U.S. Navy May Empty Out Largest Base Ahead of Hurricane Dorian

Naval Station Norfolk (file image courtesy USN)

By The Maritime Executive 2019-09-03 19:51:08

U.S. 2nd Fleet has ordered all U.S. Navy ships and aircraft in the Hampton Roads area - including the assets at the world's largest naval base, Naval Station Norfolk - to make preparations to leave if required by the approach of Hurricane Dorian. 

2nd Fleet commander Vice Adm. Andrew L. Lewis has called for units to be ready to depart within 24 hours in order to avoid damage to ships, aircraft and piers due to high winds and seas. The latest storm forecast track from the National Hurricane Center predicts that Dorian may approach the coast of South and North Carolina Thursday, bringing dangerous winds, life-threatening storm surge and flooding rains to the region. The storm will pass in the vicinity of the Virginia coast on Friday, and the likelihood of wind and rain impact along portions of the southern Chesapeake Bay - the home of Hampton Roads - is increasing, the NHC warned Tuesday. 

“We will continue to monitor and track the storm to ensure our ships and personnel are prepared,” said Vice Adm. Lewis in a statement. “If necessary, we will sortie our ships to allow enough time to transit safely out of the path of the storm.”

The last time the Navy sortied out from Norfolk was in September 2018, and the base's 11 miles of berthing space were left largely empty - a rare sight at an installation that serves as the home port for 75 vessels. 

Few large vessels remained at Naval Station Norfolk's piers on Sept. 12, 2018, when most sortied ahead of Hurricane Florence (USN file image)

As usual, some ships will not get underway because they are undergoing maintenance, and these vessels will take extra precautions to avoid potential damage, 2nd Fleet said. Commanding officers may deploy additional mooring lines, drop anchor to supplement their mooring lines, and disconnect shore power cables.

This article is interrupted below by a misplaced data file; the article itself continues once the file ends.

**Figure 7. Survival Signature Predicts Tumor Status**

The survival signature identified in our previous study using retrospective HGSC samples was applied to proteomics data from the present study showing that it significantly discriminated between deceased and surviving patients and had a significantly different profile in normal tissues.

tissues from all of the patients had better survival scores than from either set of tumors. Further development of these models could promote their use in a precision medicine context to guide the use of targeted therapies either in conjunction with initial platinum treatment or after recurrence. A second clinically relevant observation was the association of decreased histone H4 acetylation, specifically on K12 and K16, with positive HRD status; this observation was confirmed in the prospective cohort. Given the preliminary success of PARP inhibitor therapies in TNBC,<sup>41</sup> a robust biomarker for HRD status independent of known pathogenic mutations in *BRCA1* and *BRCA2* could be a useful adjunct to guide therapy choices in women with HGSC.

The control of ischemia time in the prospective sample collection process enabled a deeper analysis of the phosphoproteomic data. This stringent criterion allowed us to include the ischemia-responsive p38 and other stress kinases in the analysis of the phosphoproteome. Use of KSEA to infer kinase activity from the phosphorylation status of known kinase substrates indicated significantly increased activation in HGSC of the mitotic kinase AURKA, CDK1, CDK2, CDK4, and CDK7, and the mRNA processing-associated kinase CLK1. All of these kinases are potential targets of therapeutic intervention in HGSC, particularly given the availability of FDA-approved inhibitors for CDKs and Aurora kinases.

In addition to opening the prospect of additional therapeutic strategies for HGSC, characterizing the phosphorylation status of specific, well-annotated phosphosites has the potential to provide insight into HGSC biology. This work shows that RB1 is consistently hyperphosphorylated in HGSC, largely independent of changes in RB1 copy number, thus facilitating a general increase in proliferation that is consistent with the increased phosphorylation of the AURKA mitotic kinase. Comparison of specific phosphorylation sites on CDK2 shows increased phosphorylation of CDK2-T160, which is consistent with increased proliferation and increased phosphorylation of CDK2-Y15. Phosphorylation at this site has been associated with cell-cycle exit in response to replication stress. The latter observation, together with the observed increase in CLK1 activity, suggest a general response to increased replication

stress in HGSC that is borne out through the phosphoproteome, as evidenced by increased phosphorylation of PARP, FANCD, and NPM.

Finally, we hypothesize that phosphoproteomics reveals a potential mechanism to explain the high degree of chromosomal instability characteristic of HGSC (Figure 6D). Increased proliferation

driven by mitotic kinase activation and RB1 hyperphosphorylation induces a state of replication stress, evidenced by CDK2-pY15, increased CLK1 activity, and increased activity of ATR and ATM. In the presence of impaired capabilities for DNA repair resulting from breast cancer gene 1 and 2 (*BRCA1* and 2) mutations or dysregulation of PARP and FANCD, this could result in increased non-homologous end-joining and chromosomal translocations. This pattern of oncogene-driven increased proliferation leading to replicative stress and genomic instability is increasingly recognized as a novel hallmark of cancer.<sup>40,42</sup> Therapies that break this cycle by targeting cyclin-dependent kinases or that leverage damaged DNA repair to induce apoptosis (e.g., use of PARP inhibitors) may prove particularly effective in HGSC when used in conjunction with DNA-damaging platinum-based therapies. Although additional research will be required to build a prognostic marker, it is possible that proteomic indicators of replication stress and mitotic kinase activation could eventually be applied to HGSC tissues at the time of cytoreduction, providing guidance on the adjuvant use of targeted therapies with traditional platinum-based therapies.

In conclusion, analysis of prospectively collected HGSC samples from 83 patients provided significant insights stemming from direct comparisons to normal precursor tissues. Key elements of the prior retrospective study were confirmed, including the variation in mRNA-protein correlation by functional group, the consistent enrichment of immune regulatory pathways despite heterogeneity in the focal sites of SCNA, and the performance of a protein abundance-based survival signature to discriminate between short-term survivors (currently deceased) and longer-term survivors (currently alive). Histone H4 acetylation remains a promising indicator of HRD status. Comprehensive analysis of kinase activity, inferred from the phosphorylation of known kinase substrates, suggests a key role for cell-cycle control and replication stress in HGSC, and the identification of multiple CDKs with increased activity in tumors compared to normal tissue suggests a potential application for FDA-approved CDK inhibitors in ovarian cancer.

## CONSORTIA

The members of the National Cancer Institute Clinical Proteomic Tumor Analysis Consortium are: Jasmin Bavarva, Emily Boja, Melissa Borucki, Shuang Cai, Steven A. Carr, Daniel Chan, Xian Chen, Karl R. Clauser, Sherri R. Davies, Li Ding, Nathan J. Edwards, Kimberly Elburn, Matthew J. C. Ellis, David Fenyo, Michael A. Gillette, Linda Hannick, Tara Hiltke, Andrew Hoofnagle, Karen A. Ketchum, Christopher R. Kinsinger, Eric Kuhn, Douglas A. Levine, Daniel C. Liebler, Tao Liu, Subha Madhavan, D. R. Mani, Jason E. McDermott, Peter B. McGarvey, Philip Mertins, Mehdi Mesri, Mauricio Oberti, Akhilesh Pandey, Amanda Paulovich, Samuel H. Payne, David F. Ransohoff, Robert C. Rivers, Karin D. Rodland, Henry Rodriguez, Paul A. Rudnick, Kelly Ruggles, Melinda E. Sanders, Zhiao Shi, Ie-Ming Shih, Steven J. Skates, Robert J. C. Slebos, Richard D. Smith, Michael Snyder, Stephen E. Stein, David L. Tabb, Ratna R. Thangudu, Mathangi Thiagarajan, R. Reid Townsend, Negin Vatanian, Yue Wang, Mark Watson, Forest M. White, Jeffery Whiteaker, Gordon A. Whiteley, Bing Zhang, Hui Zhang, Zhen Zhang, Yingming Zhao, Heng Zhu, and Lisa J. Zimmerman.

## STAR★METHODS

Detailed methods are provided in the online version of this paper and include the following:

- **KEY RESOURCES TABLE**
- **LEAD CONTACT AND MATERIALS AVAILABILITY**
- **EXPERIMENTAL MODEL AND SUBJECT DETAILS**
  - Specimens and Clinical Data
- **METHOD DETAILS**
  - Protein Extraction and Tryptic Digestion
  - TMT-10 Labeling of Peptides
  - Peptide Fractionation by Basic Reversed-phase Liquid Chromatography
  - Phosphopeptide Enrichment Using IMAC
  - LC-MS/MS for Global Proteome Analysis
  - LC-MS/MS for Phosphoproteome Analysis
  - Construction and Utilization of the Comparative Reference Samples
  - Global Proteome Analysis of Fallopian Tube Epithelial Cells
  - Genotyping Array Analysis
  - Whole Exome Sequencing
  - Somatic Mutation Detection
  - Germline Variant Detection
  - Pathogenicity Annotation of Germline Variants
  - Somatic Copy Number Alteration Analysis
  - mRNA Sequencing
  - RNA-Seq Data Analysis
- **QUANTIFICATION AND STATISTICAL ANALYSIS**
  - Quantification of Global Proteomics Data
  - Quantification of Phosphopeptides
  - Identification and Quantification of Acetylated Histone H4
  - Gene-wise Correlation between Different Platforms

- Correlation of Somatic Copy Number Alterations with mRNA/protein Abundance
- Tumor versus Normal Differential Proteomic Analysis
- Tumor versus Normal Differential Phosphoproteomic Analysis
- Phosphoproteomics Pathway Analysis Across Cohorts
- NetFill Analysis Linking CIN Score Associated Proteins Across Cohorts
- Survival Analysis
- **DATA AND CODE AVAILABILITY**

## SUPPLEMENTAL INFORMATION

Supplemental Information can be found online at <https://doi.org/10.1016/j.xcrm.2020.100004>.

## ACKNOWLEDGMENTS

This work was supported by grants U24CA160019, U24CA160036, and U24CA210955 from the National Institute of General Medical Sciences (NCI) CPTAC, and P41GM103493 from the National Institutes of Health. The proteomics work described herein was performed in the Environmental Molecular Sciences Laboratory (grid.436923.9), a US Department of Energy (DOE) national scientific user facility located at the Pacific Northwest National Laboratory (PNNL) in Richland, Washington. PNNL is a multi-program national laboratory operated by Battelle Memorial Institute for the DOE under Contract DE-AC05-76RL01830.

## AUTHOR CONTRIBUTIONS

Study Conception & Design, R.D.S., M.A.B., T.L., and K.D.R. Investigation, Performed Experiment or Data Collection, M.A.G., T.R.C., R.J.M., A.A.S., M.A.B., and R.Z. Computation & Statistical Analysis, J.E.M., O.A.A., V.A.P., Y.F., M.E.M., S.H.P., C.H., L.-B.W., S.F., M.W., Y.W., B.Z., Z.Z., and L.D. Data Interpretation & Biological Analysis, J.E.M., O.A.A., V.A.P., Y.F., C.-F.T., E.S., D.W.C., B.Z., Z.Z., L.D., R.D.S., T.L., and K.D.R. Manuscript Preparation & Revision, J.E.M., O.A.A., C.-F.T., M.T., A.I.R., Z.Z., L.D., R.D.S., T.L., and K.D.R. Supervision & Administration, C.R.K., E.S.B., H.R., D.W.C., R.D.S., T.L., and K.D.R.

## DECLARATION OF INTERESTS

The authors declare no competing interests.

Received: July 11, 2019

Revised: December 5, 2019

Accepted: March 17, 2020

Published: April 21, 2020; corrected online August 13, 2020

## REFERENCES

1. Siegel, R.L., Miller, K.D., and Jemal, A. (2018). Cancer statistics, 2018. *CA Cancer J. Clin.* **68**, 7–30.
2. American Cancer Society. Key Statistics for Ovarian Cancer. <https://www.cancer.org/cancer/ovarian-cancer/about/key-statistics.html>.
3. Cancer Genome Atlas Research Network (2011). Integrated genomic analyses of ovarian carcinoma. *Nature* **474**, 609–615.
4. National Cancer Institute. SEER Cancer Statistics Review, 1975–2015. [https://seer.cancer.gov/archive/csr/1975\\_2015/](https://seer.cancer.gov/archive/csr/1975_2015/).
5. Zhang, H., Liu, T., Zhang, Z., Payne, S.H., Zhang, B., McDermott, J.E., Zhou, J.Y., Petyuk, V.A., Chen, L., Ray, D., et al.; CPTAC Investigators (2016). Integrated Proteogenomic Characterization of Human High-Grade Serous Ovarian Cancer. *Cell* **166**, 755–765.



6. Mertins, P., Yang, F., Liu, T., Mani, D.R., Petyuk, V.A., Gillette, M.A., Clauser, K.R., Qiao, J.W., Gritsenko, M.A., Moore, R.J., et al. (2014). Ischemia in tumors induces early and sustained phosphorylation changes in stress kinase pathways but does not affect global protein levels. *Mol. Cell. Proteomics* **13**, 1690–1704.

Navy Region Mid-Atlantic has ordered all installations in the Hampton Roads area to prepare for the possibility of sustained winds of greater than 50 knots within 48 hours. This includes sandbagging, removing hazards and debris from drainage areas, removing items from waterfront areas, ensuring emergency generators and vehicles are topped off with fuel and preparing potable water supplies. 

The preparations also include readiness for the possibility of an evacuation order, which could affect thousands of sailors. Naval Station Norfolk is home to roughly 150,000 personnel, including active duty sailors, family members and reservists. Naval Support Activity Hampton Roads is home to 6,000 personnel, including the offices of U.S. Fleet Forces Command, Joint Staff Hampton Roads, U.S. Marine Corps Forces Command, Naval Submarine Forces Atlantic and Naval Reserve Forces Command.

 “All personnel and their families should also review . . . review hurricane checklists in the event an evacuation is deemed necessary,” said Rear Adm. Charles W. Rock, the commander for Region Mid-Atlantic. “Personnel should also discuss evacuation plans and reporting requirements with their chain of command.”